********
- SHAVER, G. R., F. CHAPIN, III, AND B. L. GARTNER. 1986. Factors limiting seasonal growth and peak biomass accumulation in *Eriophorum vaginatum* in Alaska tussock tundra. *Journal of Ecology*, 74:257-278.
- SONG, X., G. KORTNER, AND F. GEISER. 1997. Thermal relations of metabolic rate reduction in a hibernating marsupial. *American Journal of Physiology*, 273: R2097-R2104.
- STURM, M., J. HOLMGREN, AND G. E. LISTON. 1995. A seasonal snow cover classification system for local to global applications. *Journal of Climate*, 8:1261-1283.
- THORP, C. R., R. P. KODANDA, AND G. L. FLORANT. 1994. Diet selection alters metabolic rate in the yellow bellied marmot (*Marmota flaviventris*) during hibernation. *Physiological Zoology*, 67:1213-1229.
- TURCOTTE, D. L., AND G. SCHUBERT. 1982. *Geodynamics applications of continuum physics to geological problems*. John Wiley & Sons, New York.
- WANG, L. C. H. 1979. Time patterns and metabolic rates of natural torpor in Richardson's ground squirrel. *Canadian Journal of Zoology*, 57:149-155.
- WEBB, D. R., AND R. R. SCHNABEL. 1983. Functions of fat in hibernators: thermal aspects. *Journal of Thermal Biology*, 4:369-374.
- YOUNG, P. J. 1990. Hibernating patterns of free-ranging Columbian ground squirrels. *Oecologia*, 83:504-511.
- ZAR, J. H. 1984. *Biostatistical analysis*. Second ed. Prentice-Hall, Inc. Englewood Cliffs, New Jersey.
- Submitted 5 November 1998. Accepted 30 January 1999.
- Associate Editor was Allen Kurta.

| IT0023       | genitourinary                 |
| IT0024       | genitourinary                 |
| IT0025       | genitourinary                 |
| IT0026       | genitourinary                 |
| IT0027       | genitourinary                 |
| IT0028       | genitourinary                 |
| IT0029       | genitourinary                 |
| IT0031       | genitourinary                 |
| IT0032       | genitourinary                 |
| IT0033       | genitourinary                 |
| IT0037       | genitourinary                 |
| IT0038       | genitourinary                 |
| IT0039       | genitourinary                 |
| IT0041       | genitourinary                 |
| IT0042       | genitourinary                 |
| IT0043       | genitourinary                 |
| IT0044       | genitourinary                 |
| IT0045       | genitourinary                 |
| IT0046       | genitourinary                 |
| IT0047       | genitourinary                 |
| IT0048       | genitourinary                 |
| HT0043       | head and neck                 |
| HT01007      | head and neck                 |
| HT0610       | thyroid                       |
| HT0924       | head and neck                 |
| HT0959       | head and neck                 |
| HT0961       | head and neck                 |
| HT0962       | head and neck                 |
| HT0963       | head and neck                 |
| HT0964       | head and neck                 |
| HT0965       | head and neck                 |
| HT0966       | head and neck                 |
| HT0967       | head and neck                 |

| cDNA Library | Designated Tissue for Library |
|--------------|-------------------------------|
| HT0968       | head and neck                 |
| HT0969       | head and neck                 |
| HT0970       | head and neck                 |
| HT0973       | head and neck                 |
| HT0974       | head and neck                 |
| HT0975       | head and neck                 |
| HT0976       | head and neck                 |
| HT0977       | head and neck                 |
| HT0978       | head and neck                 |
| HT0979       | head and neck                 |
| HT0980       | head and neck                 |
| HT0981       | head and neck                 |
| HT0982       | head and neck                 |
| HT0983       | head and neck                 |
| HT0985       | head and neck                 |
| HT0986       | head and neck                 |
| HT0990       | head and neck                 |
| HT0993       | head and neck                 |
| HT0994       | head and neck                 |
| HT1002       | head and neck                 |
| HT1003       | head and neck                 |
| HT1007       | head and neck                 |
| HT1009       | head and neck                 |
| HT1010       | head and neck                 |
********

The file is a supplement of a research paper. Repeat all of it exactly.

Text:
- SHAVER, G. R., F. CHAPIN, III, AND B. L. GARTNER. 1986. Factors limiting seasonal growth and peak biomass accumulation in *Eriophorum vaginatum* in Alaska tussock tundra. *Journal of Ecology*, 74:257-278.
- SONG, X., G. KORTNER, AND F. GEISER. 1997. Thermal relations of metabolic rate reduction in a hibernating marsupial. *American Journal of Physiology*, 273: R2097-R2104.
- STURM, M., J. HOLMGREN, AND G. E. LISTON. 1995. A seasonal snow cover classification system for local to global applications. *Journal of Climate*, 8:1261-1283.
- THORP, C. R., R. P. KODANDA, AND G. L. FLORANT. 1994. Diet selection alters metabolic rate in the yellow bellied marmot (*Marmota flaviventris*) during hibernation. *Physiological Zoology*, 67:1213-1229.
- TURCOTTE, D. L., AND G. SCHUBERT. 1982. *Geodynamics applications of continuum physics to geological problems*. John Wiley & Sons, New York.
- WANG, L. C. H. 1979. Time patterns and metabolic rates of natural torpor in Richardson's ground squirrel. *Canadian Journal of Zoology*, 57:149-155.
- WEBB, D. R., AND R. R. SCHNABEL. 1983. Functions of fat in hibernators: thermal aspects. *Journal of Thermal Biology*, 4:369-374.
- YOUNG, P. J. 1990. Hibernating patterns of free-ranging Columbian ground squirrels. *Oecologia*, 83:504-511.
- ZAR, J. H. 1984. *Biostatistical analysis*. Second ed. Prentice-Hall, Inc. Englewood Cliffs, New Jersey.
- Submitted 5 November 1998. Accepted 30 January 1999.
- Associate Editor was Allen Kurta.

| IT0023       | genitourinary                 |
| IT0024       | genitourinary                 |
| IT0025       | genitourinary                 |
| IT0026       | genitourinary                 |
| IT0027       | genitourinary                 |
| IT0028       | genitourinary                 |
| IT0029       | genitourinary                 |
| IT0031       | genitourinary                 |
| IT0032       | genitourinary                 |
| IT0033       | genitourinary                 |
| IT0037       | genitourinary                 |
| IT0038       | genitourinary                 |
| IT0039       | genitourinary                 |
| IT0041       | genitourinary                 |
| IT0042       | genitourinary                 |
| IT0043       | genitourinary                 |
| IT0044       | genitourinary                 |
| IT0045       | genitourinary                 |
| IT0046       | genitourinary                 |
| IT0047       | genitourinary                 |
| IT0048       | genitourinary                 |
| HT0043       | head and neck                 |
| HT01007      | head and neck                 |
| HT0610       | thyroid                       |
| HT0924       | head and neck                 |
| HT0959       | head and neck                 |
| HT0961       | head and neck                 |
| HT0962       | head and neck                 |
| HT0963       | head and neck                 |
| HT0964       | head and neck                 |
| HT0965       | head and neck                 |
| HT0966       | head and neck                 |
| HT0967       | head and neck                 |

| cDNA Library | Designated Tissue for Library |
|--------------|-------------------------------|
| HT0968       | head and neck                 |
| HT0969       | head and neck                 |
| HT0970       | head and neck                 |
| HT0973       | head and neck                 |
| HT0974       | head and neck                 |
| HT0975       | head and neck                 |
| HT0976       | head and neck                 |
| HT0977       | head and neck                 |
| HT0978       | head and neck                 |
| HT0979       | head and neck                 |
| HT0980       | head and neck                 |
| HT0981       | head and neck                 |
| HT0982       | head and neck                 |
| HT0983       | head and neck                 |
| HT0985       | head and neck                 |
| HT0986       | head and neck                 |
| HT0990       | head and neck                 |
| HT0993       | head and neck                 |
| HT0994       | head and neck                 |
| HT1002       | head and neck                 |
| HT1003       | head and neck                 |
| HT1007       | head and neck                 |
| HT1009       | head and neck                 |
| HT1010       | head and neck                 |